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Normal People by Sally Rooney Read Online (FREE)

Yeah, he says. I would have a bit more energy for protesting if it was more on the brutal side, to be honest.

You want to get beaten up by the Gardaí.

There are worse things than getting beaten up.

Marianne is taking a sip of coffee when he says this, and she seems to pause for a moment with the cup at her lips. He can’t tell how he identifies this pause as distinct from the natural motion of her drinking, but he sees it. Then she replaces the cup on the saucer.

I agree, she says.

What does that mean?

I’m agreeing with you.

Have you recently been attacked by the guards or have I missed something? he says.

She taps a little extra sugar from a sachet into her cup and then stirs it. Finally she glances up at him as if remembering he’s sitting there.

Aren’t you going to have coffee? she says.

He nods. He’s still feeling a little breathless after the walk from the bus, a little too warm under his clothes. He gets up from the table and goes back into the main room. It’s cool in there and much dimmer. A woman in red lipstick takes his order and says she’ll bring it right out.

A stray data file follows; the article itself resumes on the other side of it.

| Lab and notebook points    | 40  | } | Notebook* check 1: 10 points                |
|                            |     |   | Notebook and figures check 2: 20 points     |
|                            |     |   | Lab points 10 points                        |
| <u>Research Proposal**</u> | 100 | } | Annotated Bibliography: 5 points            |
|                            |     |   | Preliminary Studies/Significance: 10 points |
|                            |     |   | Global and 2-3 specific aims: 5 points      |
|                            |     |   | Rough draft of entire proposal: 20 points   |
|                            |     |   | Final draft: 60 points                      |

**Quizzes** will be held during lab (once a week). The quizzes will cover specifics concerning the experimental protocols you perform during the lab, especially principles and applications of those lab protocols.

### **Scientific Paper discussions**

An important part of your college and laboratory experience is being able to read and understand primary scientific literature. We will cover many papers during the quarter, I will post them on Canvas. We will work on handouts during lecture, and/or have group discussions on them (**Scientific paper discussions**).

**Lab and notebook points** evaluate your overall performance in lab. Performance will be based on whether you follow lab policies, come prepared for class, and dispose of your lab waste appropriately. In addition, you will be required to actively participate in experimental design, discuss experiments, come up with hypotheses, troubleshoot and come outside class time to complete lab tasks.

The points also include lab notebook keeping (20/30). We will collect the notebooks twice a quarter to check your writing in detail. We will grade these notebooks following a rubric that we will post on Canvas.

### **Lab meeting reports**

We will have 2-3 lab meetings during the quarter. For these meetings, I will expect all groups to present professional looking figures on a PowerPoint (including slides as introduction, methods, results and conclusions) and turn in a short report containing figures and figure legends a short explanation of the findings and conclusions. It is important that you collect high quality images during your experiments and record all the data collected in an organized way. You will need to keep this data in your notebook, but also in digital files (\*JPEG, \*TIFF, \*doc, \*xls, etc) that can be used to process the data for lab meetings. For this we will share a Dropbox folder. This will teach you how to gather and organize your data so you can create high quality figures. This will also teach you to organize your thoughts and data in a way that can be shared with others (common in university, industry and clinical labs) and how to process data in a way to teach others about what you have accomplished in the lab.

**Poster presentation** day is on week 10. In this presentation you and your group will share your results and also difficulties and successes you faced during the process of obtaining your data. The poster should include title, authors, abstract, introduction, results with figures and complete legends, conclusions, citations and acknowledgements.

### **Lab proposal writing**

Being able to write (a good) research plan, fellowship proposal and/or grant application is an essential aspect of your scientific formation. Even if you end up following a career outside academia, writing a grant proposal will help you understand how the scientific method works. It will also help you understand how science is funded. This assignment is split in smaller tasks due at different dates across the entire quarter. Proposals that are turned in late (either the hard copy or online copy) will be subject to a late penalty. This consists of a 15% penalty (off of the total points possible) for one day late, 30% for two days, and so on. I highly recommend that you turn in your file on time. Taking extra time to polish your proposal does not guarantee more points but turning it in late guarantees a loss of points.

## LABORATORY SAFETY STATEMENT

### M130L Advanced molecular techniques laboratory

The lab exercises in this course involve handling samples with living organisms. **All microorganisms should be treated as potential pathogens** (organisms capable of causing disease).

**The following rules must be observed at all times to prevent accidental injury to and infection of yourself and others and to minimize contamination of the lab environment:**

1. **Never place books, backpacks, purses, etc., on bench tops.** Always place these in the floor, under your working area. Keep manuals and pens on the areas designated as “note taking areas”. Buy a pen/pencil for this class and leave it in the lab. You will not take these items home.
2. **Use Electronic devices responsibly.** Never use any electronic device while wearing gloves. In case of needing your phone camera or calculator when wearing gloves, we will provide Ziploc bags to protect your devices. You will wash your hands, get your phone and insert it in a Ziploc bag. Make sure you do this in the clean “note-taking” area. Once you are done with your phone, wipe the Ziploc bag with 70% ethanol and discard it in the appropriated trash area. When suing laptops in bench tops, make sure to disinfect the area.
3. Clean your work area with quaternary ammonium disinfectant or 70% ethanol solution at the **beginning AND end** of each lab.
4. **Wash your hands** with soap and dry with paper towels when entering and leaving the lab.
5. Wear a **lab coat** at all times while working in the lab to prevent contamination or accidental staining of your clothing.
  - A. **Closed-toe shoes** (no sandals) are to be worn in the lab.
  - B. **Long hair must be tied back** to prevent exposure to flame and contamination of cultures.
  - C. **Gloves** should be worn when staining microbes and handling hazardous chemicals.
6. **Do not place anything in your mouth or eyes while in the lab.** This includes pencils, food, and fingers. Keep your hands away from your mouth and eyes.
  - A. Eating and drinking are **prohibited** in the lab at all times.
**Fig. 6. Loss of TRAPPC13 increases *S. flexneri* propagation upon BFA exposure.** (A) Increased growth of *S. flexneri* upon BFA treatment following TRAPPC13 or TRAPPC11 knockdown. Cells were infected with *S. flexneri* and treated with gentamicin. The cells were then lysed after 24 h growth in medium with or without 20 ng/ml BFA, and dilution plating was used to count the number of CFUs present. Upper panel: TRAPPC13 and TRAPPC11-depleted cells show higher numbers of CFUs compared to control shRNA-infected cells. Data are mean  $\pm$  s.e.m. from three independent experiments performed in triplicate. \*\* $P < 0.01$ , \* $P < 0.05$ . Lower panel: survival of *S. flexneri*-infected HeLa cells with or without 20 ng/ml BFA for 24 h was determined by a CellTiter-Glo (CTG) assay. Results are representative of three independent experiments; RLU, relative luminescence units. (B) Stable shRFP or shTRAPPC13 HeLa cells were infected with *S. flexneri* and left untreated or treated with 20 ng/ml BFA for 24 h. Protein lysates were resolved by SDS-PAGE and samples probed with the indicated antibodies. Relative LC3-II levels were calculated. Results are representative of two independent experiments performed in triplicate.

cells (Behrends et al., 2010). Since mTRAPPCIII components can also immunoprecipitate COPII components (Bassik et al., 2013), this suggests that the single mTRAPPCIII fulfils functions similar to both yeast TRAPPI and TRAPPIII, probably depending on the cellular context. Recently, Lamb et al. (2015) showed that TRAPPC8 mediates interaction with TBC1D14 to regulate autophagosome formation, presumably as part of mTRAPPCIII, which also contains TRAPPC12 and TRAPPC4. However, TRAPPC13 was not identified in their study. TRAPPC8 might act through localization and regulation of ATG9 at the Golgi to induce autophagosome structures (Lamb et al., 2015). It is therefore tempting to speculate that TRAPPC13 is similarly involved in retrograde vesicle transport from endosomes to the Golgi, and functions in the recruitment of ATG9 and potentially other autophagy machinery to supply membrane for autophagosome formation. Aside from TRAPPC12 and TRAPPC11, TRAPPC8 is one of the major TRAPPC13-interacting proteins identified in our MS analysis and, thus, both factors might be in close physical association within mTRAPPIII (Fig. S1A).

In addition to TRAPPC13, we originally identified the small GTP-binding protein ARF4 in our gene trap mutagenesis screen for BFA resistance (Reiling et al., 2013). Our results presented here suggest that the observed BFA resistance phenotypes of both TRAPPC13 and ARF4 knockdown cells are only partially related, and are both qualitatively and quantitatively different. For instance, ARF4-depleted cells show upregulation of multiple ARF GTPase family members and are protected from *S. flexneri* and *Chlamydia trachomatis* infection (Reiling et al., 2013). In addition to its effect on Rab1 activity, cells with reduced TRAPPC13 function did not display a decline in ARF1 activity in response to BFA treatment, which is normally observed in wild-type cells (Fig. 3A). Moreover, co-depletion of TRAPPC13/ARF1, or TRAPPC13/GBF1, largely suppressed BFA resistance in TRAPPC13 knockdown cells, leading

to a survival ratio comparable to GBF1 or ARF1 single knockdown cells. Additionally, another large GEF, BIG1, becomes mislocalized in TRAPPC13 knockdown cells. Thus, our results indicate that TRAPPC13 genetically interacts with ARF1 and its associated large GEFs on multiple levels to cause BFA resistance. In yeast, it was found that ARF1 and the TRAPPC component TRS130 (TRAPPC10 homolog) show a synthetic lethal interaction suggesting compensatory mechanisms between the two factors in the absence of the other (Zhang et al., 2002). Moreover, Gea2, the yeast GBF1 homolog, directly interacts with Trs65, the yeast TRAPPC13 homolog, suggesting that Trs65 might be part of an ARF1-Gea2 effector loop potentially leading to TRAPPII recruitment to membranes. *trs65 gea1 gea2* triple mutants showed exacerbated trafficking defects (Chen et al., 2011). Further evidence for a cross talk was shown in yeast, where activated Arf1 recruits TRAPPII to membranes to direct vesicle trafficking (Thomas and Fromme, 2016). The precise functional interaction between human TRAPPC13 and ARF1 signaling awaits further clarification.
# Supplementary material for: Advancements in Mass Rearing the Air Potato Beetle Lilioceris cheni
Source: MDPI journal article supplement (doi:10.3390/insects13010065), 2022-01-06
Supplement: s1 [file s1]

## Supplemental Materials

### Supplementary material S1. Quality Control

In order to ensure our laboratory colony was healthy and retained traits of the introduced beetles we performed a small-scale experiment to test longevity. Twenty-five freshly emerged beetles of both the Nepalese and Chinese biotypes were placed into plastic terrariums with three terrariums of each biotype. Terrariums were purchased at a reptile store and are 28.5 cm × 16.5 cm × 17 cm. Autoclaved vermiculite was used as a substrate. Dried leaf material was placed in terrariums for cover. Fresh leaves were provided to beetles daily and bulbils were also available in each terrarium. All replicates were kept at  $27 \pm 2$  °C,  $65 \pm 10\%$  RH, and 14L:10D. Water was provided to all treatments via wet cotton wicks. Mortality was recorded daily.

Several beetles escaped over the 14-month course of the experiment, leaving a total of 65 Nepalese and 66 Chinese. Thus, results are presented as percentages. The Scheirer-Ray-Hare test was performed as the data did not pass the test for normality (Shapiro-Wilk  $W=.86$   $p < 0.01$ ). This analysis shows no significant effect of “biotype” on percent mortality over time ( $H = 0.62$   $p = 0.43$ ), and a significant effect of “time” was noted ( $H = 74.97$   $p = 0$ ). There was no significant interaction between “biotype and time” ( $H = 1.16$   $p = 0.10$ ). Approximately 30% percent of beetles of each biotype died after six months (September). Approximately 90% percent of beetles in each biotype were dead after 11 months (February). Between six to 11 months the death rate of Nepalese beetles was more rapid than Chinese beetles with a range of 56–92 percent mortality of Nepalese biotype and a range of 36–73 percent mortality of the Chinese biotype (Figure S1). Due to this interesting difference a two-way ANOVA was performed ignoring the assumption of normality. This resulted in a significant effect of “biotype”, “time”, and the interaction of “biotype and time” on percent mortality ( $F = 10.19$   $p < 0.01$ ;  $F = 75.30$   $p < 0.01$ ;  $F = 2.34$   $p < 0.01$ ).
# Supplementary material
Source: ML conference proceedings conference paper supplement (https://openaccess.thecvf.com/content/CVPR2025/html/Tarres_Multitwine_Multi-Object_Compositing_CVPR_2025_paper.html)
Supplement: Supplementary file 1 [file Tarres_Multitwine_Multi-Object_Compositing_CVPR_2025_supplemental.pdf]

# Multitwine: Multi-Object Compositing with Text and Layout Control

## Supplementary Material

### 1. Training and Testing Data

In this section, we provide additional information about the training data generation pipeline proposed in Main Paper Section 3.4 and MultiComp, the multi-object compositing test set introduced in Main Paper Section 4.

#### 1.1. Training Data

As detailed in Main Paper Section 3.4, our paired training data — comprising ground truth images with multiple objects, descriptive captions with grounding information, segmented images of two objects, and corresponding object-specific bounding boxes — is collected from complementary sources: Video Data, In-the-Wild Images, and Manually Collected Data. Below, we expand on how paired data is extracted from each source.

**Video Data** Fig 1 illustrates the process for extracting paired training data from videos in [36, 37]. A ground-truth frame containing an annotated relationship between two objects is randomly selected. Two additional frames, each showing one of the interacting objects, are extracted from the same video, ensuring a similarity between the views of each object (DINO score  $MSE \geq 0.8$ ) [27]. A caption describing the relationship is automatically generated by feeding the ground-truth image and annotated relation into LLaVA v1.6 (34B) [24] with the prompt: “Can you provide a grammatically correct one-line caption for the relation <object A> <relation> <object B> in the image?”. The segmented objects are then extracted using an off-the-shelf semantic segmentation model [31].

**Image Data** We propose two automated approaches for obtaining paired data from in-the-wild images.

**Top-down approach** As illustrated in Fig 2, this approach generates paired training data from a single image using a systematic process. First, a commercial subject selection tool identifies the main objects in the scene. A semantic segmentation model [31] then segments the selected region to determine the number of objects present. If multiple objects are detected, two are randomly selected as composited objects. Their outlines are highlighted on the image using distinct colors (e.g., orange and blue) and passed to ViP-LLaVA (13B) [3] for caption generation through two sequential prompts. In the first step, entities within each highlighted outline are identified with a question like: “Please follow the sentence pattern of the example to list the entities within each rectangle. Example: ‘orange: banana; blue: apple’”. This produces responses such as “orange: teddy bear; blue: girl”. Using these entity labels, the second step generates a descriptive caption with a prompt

*

 

Until April, Connell had been planning to work in Dublin for the summer and cover the rent with his wages, but a week before the exams his boss told him they were cutting back his hours. He could just about make rent that way but he’d have nothing left to live on. He’d always known that the place was going to go out of business, and he was furious with himself for not applying anywhere else. He thought about it constantly for weeks. In the end he decided he would have to move out for the summer. Niall was very nice about it, said the room would still be there for him in September and all of that. What about yourself and Marianne? Niall asked. And Connell said: Yeah, yeah. I don’t know. I haven’t told her yet.

The reality was that he stayed in Marianne’s apartment most nights anyway. He could just tell her about the situation and ask if he could stay in her place until September. He knew she would say yes. He thought she would say yes, it was hard to imagine her not saying yes. But he found himself putting off the conversation, putting off Niall’s enquiries about it, planning to bring it up with her and then at the last minute failing to. It just felt too much like asking her for money. He and Marianne never talked about money. They had never talked, for example, about the fact that her mother paid his mother money to scrub their floors and hang their laundry, or about the fact that this money circulated indirectly to Connell, who spent it, as often as not, on Marianne. He hated having to think about things like that. He knew Marianne never thought that way. She bought him things all the time, dinner, theatre tickets, things she would pay for and then instantly, permanently, forget about.